Gilead to buy liver disease specialist CymaBay for $4.3bn


Gilead Sciences has beefed up its pipeline with an agreement to buy CymaBay Therapeutics and its seladelpar drug for rare liver disease primary biliary cholangitis (PBC), which has been filed for approval in the US.

The FDA is due to deliver a verdict on seladelpar – which was also in development for non-alcoholic steatohepatitis (NASH) before it failed a phase 3 programme – by 14th August after a priority review. It has been filed for the second-line treatment of adult PBC patients, without cirrhosis or with compensated cirrhosis, who do not respond or are intolerant to ursodeoxycholic acid (UDCA).

The $32.50-per-share offer is a 26.5% premium to CymaBay’s share price on Friday. Trading in the stock was suspended in the build-up to the deal announcement but had risen 25% to almost $32 at the time of writing.

PBC is a chronic, autoimmune disease mainly affecting women in which the bile ducts in the liver are gradually destroyed, causing symptoms including pruritus (itching) and fatigue and eventually leading to cirrhosis. It affects around 1 in 1,000 women over the age of 40, or around 130,000 people in the US, and, according to some estimates, that could represent a market worth $1.5 billion or more.

PPAR delta agonist seladelpar is trying to become the first novel second-line therapy for PBC in more than a decade, although it could be pipped at the post by Genfit and Ipsen’s dual PPAR alpha/delta agonist elafibranor, which is also under FDA review as a second-line PBC treatment and is due for a verdict by 10th June. Elafibranor was also being tested for NASH but failed to hit the mark in phase 3.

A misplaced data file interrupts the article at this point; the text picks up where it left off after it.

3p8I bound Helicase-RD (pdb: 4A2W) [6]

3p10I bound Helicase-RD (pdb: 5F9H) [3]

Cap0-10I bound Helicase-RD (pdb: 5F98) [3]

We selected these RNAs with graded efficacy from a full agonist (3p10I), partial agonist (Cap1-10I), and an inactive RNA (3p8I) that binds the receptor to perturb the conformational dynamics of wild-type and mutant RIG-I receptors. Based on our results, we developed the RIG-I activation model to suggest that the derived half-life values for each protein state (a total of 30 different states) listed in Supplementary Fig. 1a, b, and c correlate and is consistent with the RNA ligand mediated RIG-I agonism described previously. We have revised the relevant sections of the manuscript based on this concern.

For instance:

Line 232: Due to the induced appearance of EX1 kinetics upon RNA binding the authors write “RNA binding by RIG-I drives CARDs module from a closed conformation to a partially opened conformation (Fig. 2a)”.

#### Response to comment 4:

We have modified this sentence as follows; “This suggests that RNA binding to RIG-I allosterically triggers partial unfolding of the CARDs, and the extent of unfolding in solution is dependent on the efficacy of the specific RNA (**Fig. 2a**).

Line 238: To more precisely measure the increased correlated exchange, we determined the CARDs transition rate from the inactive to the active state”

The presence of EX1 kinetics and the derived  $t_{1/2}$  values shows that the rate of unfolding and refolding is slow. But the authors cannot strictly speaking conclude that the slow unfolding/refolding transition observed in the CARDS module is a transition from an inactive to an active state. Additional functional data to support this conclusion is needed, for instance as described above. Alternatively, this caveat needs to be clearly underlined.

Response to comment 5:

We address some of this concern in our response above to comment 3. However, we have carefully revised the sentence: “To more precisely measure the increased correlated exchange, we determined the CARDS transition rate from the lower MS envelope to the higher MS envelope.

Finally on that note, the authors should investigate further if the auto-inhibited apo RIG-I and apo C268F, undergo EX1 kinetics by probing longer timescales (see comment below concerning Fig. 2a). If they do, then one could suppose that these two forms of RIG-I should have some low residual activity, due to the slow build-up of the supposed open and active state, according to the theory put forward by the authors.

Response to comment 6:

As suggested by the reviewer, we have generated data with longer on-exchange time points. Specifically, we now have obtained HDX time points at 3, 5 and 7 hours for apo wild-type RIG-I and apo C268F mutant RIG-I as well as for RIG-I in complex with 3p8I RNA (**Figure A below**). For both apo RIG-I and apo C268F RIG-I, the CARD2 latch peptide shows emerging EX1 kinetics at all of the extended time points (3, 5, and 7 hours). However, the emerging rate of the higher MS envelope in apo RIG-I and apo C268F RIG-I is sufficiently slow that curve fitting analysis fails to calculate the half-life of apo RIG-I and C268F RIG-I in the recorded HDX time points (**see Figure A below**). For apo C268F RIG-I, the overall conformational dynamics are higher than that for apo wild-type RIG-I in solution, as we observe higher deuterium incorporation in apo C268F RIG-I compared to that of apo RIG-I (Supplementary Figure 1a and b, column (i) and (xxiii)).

Gilead said that it believes seladelpar has a “best-in-disease” profile as a second-line therapy for PBC based on the results of the phase 3 RESPONSE trial, in which it outperformed placebo on a range of endpoints, including biochemical response, normalisation of liver biomarker alkaline phosphatase and pruritus.

That efficacy against severe itching – considered to be one of the most debilitating symptoms of PBC – could potentially help to differentiate the drug from elafibranor as Genfit and Ipsen’s drug was unable to show a statistically significant improvement on pruritus in its phase 3 ELATIVE trial.

“We are looking forward to advancing seladelpar by leveraging Gilead’s long-standing expertise in treating and curing liver diseases,” said Daniel O’Day, the company’s chief executive.

“Building on the strong research and development work by the CymaBay team to date, we have the potential to address a significant unmet need for people living with PBC and expand on our existing broad range of transformational therapies,” he added. Gilead expects the deal to close quickly, before the end of the first quarter.

Other potential PBC therapies coming through the industry pipeline include Alfasigma’s FXR agonist Ocaliva (obeticholic acid or OCA), heading for phase 3 in PBC, as well as Zydus Cadila’s PPAR alpha and gamma agonist saroglitazar (phase 3) and Calliditas’ NOX 1 and 4 inhibitor setanaxib (phase 2b).